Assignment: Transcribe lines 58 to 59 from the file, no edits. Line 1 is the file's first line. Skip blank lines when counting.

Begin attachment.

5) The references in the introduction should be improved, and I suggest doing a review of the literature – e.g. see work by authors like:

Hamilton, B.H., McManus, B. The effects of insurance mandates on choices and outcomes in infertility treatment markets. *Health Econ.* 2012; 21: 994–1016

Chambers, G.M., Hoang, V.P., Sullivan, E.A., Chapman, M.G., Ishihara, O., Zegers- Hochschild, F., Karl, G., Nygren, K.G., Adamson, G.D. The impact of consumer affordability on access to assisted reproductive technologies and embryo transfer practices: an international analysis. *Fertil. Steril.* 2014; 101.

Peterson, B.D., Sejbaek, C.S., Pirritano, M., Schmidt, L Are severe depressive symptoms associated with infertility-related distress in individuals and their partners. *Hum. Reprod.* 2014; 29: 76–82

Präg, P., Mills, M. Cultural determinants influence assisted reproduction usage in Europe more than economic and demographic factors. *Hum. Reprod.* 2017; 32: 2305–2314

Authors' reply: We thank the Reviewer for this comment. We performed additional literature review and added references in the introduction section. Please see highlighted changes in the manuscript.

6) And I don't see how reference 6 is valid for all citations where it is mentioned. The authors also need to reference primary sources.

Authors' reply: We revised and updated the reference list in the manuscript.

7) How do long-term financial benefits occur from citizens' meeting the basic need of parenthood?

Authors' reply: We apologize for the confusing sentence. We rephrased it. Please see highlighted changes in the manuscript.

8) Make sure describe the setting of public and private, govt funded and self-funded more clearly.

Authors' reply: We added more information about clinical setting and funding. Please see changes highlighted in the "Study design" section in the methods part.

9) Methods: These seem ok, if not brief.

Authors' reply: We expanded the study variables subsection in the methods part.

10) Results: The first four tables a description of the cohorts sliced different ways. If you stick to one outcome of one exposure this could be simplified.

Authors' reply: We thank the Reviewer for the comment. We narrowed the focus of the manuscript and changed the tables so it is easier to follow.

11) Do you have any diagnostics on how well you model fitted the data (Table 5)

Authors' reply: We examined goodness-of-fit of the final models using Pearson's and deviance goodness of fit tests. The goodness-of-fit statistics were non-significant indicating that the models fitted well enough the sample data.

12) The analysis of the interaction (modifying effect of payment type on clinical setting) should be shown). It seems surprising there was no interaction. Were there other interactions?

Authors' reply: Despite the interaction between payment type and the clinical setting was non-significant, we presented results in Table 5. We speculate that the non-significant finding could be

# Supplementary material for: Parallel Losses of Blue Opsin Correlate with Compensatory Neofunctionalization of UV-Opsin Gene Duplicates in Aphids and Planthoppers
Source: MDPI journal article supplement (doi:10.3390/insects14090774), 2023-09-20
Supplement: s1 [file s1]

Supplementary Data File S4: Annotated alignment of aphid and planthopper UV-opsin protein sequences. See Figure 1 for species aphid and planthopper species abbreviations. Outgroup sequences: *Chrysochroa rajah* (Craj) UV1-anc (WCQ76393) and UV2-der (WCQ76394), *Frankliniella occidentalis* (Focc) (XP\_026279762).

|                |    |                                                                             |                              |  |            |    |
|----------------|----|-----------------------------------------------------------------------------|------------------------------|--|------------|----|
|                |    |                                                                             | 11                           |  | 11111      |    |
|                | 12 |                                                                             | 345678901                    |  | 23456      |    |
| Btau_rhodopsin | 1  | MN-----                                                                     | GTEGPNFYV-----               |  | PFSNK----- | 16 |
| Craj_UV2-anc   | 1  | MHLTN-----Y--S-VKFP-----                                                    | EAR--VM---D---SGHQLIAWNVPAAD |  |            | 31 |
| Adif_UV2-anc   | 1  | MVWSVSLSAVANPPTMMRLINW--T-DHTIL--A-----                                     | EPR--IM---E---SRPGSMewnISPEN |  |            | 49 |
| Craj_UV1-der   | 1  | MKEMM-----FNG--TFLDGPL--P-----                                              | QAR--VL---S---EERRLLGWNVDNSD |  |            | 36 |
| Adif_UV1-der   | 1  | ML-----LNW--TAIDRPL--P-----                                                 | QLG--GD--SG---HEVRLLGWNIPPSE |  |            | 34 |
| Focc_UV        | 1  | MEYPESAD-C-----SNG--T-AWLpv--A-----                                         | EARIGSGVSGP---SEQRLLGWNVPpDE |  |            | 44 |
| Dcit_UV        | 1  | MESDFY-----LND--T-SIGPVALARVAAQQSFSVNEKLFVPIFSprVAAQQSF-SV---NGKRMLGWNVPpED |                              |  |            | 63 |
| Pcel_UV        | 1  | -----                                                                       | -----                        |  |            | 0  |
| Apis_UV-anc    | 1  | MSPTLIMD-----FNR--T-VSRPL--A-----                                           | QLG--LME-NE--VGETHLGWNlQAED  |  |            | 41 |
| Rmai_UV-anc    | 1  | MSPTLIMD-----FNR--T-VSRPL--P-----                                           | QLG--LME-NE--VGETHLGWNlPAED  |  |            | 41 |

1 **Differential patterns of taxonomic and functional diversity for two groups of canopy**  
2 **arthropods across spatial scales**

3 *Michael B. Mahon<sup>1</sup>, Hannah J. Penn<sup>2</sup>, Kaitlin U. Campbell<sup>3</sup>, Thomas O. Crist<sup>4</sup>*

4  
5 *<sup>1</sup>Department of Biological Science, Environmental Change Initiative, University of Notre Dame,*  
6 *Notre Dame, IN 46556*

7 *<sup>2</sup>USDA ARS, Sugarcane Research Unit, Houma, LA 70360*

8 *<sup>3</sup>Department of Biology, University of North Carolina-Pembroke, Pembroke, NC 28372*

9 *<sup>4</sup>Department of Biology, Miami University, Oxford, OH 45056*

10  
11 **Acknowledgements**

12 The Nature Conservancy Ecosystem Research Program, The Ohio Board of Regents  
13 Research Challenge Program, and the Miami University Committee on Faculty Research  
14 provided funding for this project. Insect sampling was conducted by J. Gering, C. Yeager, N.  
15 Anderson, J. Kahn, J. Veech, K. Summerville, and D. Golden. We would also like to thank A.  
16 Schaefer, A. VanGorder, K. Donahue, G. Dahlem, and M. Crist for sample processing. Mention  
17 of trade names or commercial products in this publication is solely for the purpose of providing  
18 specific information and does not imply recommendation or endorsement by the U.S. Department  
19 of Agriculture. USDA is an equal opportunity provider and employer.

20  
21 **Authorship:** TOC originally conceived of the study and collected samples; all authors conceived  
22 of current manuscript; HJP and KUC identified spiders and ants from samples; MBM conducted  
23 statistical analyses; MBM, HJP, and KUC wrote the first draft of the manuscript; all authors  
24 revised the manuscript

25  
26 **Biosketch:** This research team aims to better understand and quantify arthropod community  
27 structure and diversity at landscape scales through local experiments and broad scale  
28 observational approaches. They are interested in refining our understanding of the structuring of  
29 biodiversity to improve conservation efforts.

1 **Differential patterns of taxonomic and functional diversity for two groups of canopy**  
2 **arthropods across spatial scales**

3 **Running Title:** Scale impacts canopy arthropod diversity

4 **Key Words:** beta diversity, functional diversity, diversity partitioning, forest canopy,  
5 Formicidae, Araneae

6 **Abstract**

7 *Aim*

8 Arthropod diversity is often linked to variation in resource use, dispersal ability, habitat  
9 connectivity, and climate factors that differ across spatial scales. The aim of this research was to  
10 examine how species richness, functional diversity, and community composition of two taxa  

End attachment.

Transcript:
20  
21 **Authorship:** TOC originally conceived of the study and collected samples; all authors conceived  